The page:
Experts estimate that up to one third of printed circuit board (PCB) failures are from electrostatic discharge (ESD). To ensuring reliability in your manufacturing, ESD needs to minimised in any way possible.
Experts estimate that up to one third of printed circuit board (PCB) failures are from electrostatic discharge (ESD). It poses one of the most significant and persistent challenges in cleanroom environments, particularly in industries such as medical electronics, aerospace components, and semiconductor production.
These sectors rely heavily on delicate electrical assemblies that are vulnerable to ESD-induced damages.
This damage can lead to costly warranty returns, time-consuming PCB rework, and even scrapped boards. Not to mention the negative impact to a company’s reputation. Therefore, it’s important to minimise ESD and its impact within cleanrooms.
Electrostatic discharge is caused by two surfaces or objects at different levels of electrostatic charge coming into close contact with each other. When one is positively charged, and the other negatively charged, the protons and electrons that carry these charges attempt to balance each other out by rapidly exchanging at the point of contact. The sudden release or discharge of the built-up charge causes an ESD “spike”.
There are two common types of ESD damage: catastrophic and latent
Although ESD is invisible, it is a severe threat in many electronics manufacturing facilities. Static charges of all proportions can cause irreversible damage to delicate electronic components including resistors, capacitors, inductors, diodes, integrated circuits, MOSFETTs, transformers, transistors, integrated circuits, sensors, switches and relays.
Two types of ESD damage
There are two common types of ESD damage: catastrophic and latent. Catastrophic failure causes permanent damage that renders the PCB unusable. Although easier to detect during the inspection, catastrophic damage requires a complete PCB replacement.
Latent ESD damage may not be immediately apparent and often goes undetected during initial inspections. The PCB can be partially degraded and continue to temporarily operate. However, over its lifetime, the component may have compromised or intermittent operational behavior, resulting in an unreliable electronic device.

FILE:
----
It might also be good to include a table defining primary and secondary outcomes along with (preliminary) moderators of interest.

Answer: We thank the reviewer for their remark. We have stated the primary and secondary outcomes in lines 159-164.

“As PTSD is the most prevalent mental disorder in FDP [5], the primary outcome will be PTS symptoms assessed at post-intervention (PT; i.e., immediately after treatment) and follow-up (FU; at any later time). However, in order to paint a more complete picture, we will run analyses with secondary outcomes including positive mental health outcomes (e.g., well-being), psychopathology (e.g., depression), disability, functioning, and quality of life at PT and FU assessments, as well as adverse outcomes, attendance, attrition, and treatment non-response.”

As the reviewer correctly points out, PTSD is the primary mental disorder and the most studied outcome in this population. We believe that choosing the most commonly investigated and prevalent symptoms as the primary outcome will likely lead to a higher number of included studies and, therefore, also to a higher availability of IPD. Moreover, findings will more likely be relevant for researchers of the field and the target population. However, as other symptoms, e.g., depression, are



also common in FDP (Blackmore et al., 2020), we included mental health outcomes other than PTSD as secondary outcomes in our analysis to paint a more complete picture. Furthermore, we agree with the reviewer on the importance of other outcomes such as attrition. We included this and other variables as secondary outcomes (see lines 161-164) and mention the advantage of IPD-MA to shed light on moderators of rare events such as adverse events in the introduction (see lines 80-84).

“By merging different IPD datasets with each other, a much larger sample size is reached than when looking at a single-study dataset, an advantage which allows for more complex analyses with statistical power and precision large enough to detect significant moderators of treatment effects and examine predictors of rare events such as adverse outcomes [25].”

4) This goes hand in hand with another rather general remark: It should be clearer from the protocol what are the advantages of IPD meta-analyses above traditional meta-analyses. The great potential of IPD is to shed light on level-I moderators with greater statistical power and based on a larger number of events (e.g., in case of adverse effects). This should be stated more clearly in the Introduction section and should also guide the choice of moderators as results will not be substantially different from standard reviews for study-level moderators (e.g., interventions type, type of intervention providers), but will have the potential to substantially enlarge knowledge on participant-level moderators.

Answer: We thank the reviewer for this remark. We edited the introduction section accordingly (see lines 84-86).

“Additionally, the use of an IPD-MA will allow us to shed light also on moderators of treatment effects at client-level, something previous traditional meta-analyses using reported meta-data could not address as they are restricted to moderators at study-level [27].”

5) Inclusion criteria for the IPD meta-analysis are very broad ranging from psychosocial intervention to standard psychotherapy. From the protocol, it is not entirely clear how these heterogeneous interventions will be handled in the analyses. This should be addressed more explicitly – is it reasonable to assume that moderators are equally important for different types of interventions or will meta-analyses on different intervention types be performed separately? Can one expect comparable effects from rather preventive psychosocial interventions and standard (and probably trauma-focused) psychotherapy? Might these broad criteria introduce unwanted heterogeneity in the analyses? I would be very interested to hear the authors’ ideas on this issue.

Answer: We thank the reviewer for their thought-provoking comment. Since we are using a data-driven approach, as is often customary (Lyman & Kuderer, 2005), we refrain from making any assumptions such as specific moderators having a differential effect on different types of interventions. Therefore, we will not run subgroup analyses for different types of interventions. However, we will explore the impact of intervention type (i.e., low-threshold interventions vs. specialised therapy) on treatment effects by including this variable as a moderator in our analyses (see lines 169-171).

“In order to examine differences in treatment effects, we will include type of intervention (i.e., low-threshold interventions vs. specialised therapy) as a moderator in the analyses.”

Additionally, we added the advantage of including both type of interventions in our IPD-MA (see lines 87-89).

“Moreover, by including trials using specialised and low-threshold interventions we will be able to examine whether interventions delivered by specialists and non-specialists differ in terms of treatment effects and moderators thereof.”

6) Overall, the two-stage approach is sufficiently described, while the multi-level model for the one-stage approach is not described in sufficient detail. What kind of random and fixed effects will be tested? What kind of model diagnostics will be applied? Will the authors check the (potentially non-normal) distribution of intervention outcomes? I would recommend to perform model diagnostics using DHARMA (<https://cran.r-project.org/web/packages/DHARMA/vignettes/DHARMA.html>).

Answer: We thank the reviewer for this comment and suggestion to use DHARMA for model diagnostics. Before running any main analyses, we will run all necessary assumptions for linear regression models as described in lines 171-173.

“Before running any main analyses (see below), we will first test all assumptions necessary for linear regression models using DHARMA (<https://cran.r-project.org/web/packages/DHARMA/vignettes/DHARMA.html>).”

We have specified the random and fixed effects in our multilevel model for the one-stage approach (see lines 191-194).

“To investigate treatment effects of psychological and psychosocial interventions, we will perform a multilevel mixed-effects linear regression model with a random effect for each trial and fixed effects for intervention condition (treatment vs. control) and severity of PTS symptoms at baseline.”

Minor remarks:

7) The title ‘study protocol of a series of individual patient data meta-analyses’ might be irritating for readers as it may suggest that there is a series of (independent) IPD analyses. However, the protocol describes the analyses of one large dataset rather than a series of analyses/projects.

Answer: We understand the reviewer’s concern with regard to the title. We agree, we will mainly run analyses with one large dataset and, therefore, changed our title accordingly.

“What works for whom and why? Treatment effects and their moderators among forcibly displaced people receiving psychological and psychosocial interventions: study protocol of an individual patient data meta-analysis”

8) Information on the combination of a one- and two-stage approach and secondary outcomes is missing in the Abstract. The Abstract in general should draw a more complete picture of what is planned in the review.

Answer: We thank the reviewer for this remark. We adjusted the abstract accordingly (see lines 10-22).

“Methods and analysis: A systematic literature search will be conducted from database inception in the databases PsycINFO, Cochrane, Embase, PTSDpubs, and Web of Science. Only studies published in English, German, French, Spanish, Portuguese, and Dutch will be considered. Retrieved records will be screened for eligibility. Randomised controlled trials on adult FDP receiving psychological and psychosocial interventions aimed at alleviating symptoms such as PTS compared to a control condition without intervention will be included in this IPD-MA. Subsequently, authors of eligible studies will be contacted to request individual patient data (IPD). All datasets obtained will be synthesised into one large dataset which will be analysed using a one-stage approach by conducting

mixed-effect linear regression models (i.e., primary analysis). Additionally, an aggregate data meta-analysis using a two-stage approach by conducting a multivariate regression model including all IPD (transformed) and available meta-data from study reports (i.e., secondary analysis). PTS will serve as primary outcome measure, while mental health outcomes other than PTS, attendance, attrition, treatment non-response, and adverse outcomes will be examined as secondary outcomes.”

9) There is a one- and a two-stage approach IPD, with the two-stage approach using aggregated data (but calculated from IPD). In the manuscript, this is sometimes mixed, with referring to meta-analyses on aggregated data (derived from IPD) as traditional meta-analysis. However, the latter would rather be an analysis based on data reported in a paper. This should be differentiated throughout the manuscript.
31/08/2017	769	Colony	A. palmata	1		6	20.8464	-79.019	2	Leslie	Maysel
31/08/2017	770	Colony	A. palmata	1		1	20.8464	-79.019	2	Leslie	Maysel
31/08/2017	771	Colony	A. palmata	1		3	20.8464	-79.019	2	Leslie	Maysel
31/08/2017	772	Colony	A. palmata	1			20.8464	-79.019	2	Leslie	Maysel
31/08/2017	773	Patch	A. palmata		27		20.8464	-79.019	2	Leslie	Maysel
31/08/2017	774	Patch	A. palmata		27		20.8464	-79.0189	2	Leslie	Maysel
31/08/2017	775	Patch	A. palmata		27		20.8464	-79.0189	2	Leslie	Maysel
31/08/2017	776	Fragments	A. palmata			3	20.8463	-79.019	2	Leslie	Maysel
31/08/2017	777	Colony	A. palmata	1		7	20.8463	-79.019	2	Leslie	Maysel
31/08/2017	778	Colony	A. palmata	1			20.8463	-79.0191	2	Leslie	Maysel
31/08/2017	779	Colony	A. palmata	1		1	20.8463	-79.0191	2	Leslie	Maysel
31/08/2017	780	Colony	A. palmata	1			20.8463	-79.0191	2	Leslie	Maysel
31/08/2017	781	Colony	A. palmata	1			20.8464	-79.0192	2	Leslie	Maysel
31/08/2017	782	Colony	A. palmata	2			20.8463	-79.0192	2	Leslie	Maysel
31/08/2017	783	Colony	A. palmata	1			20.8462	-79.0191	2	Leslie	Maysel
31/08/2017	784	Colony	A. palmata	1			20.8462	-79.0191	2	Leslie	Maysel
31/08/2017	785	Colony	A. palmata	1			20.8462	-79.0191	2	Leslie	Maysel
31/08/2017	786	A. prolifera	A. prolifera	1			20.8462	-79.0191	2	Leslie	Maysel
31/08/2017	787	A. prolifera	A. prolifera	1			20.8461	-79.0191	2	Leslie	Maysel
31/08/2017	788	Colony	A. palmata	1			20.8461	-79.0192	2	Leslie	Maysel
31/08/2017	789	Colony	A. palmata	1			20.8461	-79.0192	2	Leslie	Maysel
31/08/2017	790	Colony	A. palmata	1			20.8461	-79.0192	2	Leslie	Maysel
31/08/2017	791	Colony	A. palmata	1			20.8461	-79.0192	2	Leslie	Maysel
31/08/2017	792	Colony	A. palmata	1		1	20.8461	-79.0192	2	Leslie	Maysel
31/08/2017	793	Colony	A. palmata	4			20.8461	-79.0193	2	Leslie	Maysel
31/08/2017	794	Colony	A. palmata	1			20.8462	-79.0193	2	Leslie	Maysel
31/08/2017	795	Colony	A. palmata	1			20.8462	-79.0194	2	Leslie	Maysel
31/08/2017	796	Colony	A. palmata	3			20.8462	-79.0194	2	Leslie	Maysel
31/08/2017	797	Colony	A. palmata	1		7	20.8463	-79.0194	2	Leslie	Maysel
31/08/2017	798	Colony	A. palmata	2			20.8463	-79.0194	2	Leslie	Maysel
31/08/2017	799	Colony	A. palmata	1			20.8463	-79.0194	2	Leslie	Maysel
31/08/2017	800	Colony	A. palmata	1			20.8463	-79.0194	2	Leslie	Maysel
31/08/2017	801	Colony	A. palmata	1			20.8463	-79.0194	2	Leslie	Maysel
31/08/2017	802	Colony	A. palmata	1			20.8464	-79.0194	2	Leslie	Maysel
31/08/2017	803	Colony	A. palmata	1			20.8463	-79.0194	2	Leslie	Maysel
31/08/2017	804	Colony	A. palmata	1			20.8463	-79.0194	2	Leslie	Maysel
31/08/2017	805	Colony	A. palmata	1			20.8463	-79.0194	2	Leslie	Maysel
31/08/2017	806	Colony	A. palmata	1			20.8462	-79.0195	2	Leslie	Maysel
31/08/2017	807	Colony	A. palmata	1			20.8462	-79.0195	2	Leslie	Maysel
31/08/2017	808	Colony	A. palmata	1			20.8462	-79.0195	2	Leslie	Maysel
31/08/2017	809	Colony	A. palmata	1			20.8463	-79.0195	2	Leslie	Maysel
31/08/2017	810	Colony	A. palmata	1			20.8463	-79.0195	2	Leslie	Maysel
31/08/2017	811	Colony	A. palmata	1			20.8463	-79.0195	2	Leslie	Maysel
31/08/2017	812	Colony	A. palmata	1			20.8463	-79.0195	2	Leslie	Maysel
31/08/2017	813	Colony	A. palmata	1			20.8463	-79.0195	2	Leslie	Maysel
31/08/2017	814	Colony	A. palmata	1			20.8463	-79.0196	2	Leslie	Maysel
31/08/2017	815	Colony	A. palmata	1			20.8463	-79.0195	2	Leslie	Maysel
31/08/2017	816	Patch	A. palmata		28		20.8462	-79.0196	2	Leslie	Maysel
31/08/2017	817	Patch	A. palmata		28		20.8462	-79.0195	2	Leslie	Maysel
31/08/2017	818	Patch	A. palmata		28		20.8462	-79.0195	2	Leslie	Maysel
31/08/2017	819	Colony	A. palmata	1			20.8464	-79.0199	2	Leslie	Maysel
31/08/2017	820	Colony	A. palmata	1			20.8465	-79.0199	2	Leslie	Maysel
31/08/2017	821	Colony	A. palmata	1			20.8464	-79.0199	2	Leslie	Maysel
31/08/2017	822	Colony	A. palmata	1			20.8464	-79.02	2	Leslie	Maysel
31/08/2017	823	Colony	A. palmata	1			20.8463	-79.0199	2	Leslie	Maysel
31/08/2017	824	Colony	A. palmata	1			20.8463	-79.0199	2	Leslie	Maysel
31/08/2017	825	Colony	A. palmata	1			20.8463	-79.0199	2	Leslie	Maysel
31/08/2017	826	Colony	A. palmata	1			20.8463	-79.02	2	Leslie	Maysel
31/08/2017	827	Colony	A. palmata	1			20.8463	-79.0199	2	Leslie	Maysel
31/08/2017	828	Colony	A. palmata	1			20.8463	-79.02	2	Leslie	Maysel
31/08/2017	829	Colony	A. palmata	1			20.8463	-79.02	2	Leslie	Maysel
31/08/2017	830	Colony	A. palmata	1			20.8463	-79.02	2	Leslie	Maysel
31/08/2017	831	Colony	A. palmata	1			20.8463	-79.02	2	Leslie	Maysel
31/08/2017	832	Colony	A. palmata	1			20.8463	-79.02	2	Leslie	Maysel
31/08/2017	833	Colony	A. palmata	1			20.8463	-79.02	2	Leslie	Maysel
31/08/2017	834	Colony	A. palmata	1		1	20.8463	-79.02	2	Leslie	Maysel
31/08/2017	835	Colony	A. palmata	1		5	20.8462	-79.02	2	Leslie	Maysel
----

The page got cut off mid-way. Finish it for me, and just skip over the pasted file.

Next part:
Although latent damage accounts for the biggest cause of ESD failure, it is also harder to detect. A PCB with latent damage can still be undetected during rigorous testing. This makes failure from latent damage extremely costly to the manufacturer.
Sources of ESD
ESD can occur at any stage of the manufacturing and assembly process, but human touch remains the most common route. The human body and certain clothing can accumulate static electricity levels ranging from 500 to 2,500 volts during a typical workday. Manufacturing areas involving “hands-on” processes, such as receiving, assembly, repair, cleaning, inspection, and packaging, are particularly susceptible to ESD.
Other sources of ESD include ungrounded electrical equipment, such as oscilloscopes used to troubleshoot electronic circuitry. Machinery and other production equipment such as conveyors or carts can also generate friction, and ultimately create ESD as their component materials rub together.
Managing ESD in cleanroom environments
Although it is impossible to prevent all ESD charges completely, there are several ways ESD can be reduced during surface mount technology (SMT) production. Governing bodies such as the International Electrotechnical Commission (IEC) and American National Standards Institute (ANSI) recognise the threat ESD poses to PCBs and include guidelines for ESD control in their standards.
Here are some recommended methods for managing ESD during SMT production:
- Use anti-static wrist straps or heel straps connected to a grounded line for workers handling sensitive PCBs. ESD anti-static straps are a simple and effective way of dissipating static from workers. Wrist straps can be connected to a grounded line, keeping the person continuously grounded while they work on sensitive PCBs.
- Install conductive floor mats where technicians walk and stand to discharge static build-up from shoes.
- Ensure workers wear anti-static clothing and shoe coverings.
- Ground all work tables, floor mats, and wrist straps.
- Maintain air humidity between 40-70% and regulate the temperature to 18-22°C (64-70°F) to prevent static build-up. Cooler humid air helps to dissipate static charge.
- Avoid using compressed air for drying PCBs. Fast moving air can cause charge separation, resulting in a build-up of static.
- Remove unnecessary items from the work area that can generate ESD. For example, plastic or polystyrene trays or even notepads and pens can create an ESD charge.
- Ship all assembly parts and PCBs in static-controlled containers and packing materials.